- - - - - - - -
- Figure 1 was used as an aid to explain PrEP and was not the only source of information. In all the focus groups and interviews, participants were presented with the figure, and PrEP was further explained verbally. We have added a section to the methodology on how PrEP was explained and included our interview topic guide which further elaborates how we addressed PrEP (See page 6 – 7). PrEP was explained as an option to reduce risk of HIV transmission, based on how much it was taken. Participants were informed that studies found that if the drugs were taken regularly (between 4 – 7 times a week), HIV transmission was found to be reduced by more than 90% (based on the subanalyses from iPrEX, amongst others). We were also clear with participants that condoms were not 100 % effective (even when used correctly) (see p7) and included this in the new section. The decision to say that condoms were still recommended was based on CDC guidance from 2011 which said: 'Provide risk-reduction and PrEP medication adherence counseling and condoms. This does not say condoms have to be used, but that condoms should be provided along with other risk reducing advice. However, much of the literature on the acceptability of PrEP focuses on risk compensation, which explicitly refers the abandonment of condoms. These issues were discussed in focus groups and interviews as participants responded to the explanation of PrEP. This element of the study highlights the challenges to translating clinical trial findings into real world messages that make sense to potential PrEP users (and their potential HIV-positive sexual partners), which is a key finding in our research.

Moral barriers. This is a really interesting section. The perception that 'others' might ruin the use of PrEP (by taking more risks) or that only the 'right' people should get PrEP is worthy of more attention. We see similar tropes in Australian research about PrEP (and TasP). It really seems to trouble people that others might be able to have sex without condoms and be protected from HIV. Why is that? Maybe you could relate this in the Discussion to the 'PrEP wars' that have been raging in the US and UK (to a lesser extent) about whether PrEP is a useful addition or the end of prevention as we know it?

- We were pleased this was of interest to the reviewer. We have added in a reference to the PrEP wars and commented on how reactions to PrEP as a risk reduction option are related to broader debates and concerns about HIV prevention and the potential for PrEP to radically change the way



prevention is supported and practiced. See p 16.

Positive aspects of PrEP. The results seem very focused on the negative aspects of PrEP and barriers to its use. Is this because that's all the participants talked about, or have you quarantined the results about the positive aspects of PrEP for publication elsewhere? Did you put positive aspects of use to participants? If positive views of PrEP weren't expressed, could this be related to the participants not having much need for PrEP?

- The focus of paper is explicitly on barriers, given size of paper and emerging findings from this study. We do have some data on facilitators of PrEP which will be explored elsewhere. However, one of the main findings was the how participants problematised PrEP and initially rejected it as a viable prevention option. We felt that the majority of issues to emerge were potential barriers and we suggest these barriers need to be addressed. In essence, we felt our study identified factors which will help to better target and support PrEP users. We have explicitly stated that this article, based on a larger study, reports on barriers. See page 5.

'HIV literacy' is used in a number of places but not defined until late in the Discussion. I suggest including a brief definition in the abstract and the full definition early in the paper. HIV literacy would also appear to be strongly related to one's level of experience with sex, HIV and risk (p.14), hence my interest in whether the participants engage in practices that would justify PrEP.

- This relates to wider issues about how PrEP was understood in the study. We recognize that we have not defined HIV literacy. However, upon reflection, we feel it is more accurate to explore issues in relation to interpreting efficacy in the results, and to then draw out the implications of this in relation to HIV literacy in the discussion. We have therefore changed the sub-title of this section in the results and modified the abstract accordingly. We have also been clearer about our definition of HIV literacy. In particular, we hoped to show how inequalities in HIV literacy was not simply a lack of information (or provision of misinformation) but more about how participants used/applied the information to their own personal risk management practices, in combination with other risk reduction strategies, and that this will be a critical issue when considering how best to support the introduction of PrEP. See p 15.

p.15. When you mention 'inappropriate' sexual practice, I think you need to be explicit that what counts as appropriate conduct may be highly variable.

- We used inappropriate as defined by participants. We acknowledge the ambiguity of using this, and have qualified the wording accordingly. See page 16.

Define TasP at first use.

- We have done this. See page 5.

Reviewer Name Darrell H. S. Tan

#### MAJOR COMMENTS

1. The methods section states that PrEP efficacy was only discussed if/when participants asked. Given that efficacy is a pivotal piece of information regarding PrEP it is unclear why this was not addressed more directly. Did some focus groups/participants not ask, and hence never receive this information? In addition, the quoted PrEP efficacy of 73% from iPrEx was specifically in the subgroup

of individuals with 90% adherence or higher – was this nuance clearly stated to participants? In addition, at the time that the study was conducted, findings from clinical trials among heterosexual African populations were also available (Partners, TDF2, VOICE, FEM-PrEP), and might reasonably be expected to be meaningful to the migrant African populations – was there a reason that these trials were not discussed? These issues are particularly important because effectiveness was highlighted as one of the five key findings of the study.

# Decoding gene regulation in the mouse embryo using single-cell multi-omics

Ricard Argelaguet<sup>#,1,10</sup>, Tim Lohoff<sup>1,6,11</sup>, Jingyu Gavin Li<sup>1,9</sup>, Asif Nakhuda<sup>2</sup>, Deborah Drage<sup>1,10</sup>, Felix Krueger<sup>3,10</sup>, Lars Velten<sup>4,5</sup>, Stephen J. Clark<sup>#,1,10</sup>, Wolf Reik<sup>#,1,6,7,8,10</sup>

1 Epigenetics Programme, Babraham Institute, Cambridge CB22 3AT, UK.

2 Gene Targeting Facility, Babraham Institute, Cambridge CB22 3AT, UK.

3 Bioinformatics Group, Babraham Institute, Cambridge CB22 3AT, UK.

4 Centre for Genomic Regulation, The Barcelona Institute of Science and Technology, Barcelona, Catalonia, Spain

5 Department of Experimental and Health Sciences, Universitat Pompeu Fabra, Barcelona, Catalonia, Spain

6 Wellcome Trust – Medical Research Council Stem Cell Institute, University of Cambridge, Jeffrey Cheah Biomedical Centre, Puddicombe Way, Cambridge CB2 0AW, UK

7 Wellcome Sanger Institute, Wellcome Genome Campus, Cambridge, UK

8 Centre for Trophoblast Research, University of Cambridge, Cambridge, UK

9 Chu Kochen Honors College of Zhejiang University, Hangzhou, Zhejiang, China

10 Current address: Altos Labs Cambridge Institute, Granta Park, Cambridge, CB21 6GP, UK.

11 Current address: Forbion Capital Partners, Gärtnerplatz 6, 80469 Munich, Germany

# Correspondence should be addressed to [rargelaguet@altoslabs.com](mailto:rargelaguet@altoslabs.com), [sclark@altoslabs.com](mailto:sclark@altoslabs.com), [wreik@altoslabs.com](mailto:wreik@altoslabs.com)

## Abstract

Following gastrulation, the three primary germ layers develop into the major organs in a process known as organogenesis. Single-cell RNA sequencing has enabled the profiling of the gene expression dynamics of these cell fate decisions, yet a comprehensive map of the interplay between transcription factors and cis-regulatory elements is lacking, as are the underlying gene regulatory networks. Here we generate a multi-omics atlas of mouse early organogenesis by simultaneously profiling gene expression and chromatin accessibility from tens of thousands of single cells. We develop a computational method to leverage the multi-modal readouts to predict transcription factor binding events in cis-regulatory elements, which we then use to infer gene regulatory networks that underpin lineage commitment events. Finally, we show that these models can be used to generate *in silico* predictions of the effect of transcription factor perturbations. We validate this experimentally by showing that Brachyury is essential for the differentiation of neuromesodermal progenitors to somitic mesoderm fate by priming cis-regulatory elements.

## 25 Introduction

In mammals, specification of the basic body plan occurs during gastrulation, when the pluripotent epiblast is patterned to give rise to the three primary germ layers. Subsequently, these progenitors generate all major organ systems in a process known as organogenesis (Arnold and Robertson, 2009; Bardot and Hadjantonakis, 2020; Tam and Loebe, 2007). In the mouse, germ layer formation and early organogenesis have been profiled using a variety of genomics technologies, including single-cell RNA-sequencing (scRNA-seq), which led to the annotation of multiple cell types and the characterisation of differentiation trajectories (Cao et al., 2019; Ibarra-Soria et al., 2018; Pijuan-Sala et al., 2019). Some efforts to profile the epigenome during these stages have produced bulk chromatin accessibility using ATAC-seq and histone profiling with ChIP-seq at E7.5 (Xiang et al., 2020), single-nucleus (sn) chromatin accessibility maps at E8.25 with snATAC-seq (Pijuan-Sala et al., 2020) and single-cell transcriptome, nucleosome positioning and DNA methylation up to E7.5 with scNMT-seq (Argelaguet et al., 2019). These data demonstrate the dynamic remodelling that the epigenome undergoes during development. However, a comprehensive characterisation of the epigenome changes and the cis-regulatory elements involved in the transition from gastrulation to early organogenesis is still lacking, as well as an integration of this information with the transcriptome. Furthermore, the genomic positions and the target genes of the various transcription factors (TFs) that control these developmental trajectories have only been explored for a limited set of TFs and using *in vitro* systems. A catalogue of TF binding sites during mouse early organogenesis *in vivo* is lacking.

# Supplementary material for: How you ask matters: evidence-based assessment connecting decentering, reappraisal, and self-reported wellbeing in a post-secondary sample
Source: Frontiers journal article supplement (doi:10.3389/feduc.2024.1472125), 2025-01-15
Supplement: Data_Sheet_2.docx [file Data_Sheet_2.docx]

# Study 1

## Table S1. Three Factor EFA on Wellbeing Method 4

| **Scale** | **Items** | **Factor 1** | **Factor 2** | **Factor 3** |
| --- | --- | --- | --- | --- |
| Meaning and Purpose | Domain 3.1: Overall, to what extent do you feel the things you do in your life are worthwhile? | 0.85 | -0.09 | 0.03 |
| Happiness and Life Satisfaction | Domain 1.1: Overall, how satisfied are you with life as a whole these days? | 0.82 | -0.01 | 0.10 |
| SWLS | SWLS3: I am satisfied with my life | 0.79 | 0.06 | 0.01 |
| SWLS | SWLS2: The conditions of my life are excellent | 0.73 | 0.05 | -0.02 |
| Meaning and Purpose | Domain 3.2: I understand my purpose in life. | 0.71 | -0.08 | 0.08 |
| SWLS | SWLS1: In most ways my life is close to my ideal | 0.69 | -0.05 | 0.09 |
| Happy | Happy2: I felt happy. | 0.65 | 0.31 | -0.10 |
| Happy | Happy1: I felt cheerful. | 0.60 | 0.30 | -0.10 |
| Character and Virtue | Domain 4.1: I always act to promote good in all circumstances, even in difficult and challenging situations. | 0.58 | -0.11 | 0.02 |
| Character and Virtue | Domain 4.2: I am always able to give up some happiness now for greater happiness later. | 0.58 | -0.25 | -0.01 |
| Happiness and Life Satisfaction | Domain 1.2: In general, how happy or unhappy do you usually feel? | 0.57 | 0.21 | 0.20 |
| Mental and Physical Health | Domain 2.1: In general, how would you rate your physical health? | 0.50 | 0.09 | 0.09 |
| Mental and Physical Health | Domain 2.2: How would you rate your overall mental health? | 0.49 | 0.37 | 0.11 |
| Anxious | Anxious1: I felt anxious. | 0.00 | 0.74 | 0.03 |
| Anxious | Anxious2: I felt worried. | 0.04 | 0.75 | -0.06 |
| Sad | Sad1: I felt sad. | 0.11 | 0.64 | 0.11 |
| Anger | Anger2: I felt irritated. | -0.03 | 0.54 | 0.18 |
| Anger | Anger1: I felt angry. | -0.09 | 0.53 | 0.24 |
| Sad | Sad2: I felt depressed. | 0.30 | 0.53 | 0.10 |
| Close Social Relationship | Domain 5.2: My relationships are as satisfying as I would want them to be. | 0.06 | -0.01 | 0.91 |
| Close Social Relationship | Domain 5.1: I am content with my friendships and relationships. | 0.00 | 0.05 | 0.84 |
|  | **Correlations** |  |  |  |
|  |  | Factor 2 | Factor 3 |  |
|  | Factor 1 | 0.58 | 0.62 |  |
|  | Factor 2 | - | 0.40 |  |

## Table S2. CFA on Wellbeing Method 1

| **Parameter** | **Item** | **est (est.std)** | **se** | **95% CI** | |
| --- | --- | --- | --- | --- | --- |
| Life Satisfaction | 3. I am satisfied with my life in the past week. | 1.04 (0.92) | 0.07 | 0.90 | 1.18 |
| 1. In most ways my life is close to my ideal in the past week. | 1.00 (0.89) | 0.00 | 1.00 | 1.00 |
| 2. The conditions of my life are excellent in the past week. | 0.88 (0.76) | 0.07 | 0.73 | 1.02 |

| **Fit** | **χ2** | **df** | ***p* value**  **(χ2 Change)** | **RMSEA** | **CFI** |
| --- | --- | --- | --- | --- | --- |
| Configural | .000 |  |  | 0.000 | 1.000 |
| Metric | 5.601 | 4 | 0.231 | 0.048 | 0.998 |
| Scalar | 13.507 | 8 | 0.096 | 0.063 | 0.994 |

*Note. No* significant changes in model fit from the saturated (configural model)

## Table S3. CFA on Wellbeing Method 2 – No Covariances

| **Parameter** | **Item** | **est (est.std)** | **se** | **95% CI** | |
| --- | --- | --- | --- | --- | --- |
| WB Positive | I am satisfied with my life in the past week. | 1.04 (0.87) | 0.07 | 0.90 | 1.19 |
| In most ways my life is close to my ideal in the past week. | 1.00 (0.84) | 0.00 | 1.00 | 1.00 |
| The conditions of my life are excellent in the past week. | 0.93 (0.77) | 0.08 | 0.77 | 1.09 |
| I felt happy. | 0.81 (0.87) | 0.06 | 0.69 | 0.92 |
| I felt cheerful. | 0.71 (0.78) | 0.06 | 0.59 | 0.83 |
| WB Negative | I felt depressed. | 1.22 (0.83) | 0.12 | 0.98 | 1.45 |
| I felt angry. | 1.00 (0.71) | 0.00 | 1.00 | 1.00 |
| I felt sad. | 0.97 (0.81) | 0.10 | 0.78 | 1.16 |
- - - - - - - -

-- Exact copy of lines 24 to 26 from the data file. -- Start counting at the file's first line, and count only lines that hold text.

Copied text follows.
6 Wellcome Trust – Medical Research Council Stem Cell Institute, University of Cambridge, Jeffrey Cheah Biomedical Centre, Puddicombe Way, Cambridge CB2 0AW, UK

7 Wellcome Sanger Institute, Wellcome Genome Campus, Cambridge, UK

8 Centre for Trophoblast Research, University of Cambridge, Cambridge, UK